Yet the Supreme Court has said it’s perfectly OK for schools to do so, ruling in 1963 (Abington School District v. Schempp) that “the Bible is worthy of study for its literary and historic qualities. Nothing we have said here indicates that such study of the Bible or of religion, when presented objectively as a part of a secular (public school) program of education, may not be effected consistently with the First Amendment.”

The Supreme Court understood that we’re not talking about religion here, and certainly not about politics. We’re talking about knowledge. The foundations of knowledge of the ancient world—which informs the understanding of the modern world—are biblical in origin. Teddy Roosevelt, the 26th president known more as a cigar-chomping Rough Rider than a hymn-signing Bible-thumper, once said: “A thorough knowledge of the Bible is worth more than a college education.”

Can you imagine students not reading the Constitution in a U.S. government class? School administrators not sharing the periodic table of the elements with their science classes? A driver’s ed course that expected young men and women to pass written and road tests without having access to a booklet enumerating the rules of the road?

It would be the same thing, we believe, to deny America’s sons and daughters the benefits of an education that includes a study of the Bible. Although we are both Christians, the list is long of ardent atheists who appreciate the Bible’s educational heft while rejecting its spiritual claims. It is possible to have education without indoctrination. On this point, believers and nonbelievers should be able to “see eye to eye.” (More Bible goodness.)

Interestingly enough, the common desktop reference guide “The Dictionary of Cultural Literacy” best sums up the Bible’s value as a tool of cultural literacy. Its first page declares: “No one in the English speaking world can be considered literate without a basic knowledge of the Bible.”

Can we hear an amen?

It will never happen. Teaching the Bible would mean teaching our Judeo-Christian heritage and the Leftists who control our public education detest that heritage. Besides, the Bible was written by dead, white men and everyone knows that dead, white men have never contributed anything of worth. There is also the danger that some young person may get the idea that there is a higher source of morality than the needs of the state. We can’t have that. They might even find someone other than Dear Leader to worship.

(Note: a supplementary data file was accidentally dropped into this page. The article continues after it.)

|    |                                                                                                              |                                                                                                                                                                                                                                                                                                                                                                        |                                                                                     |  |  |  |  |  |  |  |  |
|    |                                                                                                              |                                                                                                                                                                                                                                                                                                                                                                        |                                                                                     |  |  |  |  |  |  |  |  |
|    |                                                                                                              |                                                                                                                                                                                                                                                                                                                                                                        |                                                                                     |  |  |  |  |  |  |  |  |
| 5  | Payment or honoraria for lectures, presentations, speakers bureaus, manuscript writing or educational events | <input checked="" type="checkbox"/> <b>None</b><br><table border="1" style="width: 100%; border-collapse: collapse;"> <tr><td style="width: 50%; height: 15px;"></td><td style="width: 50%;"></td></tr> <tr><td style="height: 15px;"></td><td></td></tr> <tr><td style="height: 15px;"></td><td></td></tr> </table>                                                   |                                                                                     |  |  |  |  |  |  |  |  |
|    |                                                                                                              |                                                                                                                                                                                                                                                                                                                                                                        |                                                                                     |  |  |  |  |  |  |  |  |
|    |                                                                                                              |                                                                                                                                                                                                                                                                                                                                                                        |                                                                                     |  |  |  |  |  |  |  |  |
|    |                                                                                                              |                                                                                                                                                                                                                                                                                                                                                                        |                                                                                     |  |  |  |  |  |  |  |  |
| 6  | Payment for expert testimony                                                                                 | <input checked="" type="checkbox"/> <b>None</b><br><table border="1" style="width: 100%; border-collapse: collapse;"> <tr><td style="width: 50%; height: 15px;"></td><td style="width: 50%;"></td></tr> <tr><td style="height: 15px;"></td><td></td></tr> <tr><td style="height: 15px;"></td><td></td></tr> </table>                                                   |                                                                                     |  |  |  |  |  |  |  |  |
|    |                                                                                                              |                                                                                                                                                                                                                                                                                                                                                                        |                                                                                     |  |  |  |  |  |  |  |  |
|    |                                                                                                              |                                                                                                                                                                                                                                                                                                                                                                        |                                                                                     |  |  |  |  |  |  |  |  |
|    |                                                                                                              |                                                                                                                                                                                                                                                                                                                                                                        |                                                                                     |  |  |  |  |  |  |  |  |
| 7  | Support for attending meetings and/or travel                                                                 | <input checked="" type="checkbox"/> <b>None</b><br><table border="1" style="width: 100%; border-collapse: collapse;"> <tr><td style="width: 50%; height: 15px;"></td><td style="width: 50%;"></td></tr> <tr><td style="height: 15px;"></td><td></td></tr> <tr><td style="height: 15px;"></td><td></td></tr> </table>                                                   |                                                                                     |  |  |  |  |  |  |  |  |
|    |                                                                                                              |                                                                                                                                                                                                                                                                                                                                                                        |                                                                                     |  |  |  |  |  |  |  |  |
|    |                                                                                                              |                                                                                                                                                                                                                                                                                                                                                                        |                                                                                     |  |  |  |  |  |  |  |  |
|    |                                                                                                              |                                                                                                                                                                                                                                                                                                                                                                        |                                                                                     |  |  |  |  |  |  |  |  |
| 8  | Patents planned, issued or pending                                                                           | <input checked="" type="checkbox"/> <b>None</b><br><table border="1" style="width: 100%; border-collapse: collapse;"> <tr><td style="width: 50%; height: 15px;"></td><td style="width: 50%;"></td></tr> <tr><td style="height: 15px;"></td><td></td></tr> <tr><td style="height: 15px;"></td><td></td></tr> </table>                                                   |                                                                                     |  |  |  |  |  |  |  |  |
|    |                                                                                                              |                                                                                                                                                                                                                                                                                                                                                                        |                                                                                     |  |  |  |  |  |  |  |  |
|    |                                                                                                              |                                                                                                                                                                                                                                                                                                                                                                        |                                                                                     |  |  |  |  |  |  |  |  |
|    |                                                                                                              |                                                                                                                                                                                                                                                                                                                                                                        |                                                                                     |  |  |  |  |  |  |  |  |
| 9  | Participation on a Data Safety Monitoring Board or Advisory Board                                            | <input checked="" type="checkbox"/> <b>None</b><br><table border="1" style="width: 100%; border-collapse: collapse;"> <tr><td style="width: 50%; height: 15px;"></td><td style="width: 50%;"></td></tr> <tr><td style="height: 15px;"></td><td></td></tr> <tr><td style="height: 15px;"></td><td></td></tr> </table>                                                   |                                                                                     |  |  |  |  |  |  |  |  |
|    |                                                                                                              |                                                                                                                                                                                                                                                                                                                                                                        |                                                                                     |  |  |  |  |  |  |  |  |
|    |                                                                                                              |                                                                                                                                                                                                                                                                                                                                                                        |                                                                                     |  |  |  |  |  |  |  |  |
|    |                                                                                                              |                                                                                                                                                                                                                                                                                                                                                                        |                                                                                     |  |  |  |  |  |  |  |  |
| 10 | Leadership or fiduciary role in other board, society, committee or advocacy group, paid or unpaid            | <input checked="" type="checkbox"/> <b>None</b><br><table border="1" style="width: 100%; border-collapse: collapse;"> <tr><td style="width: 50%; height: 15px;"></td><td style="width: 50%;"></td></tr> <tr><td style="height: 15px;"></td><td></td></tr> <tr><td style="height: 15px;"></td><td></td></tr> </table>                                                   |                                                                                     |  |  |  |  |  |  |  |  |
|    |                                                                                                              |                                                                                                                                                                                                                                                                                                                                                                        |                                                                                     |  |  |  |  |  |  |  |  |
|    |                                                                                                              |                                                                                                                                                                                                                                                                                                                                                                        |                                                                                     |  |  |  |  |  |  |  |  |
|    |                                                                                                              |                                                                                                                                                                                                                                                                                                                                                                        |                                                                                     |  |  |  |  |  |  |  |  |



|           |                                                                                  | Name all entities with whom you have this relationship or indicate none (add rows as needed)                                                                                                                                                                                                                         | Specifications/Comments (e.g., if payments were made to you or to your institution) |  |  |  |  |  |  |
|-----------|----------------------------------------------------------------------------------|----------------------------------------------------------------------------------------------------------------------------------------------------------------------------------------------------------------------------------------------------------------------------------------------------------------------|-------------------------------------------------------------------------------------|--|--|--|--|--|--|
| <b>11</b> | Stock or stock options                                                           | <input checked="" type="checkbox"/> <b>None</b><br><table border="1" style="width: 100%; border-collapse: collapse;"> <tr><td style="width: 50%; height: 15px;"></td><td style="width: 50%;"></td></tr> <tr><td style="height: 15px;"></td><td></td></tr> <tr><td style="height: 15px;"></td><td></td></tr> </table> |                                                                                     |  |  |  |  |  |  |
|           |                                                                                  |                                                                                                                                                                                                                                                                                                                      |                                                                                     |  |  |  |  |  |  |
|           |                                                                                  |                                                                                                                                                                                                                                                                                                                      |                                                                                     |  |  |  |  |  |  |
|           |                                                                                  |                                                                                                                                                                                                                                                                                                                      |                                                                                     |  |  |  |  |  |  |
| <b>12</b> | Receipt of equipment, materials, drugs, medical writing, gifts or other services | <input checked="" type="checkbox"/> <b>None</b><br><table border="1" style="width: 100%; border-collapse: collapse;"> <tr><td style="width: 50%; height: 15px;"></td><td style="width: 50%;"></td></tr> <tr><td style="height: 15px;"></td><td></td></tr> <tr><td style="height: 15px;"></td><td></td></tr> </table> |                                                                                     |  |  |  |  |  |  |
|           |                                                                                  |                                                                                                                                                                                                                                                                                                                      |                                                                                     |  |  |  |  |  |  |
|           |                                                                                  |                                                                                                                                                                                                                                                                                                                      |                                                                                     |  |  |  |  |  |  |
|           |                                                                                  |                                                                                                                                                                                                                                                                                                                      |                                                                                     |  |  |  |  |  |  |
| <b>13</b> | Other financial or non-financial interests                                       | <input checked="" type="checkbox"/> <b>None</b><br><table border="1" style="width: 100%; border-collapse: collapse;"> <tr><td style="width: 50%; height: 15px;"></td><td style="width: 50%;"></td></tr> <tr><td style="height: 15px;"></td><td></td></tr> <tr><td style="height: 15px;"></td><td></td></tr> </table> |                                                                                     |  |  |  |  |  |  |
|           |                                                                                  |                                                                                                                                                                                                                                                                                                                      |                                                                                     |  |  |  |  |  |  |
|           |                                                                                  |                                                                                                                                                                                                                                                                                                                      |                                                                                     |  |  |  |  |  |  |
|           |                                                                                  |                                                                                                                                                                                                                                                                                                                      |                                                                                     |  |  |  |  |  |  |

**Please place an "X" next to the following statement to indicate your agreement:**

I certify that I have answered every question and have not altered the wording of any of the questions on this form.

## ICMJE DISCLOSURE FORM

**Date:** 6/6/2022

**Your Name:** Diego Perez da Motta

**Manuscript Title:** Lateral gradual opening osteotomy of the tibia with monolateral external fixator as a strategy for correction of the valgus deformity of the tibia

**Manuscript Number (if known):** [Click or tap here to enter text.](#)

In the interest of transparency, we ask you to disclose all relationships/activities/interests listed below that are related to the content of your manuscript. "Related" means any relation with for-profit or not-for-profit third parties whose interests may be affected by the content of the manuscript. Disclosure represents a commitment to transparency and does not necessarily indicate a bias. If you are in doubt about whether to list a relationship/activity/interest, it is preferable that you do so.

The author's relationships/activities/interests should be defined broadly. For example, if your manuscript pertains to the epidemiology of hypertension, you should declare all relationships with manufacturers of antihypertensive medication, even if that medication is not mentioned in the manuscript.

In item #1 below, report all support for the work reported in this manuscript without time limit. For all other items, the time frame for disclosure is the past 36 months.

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2 Responses to “Teaching the Bible in Schools”

  1. sharonhughson Says:

    What is crazy is that in the “world religions unit” taught to our 7th grade students, the history of the Catholic church is taught as the history of Christianity. I would rather see the Bible taught as a book of truth than to have the shame of the Inquisition and Crusades flouted to students who are increasingly more Bible illiterate.
    Is it any wonder people don’t understand what the Bible teaches? The principles of Islam are presented more clearly in this unit than any belief from the Bible.

  2. Ben Dattilo Says:

    I agree, and I am a non believer. Most of the “liberal commie atheist” professors I know feel the same way. Bible ignorance is rife, and is part of a general knowledge deficit among the nation’s youth. I often reference bible stories in class. I am amazed at how many students completely miss the references. I am not convinced that biblical knowledge would lead to increased faith among young people though–some of the openly faithful are among the most ignorant of scripture, while some of the openly faithless have very solid biblical knowledge. It is a mistake to think that liberals are somehow afraid that teaching the bible as cultural foundation on par with assuming that religious people are stupid–even those who would like to see religion disappear would encourage everyone to study the bible thoroughly–seeing it as the strongest argument for atheism.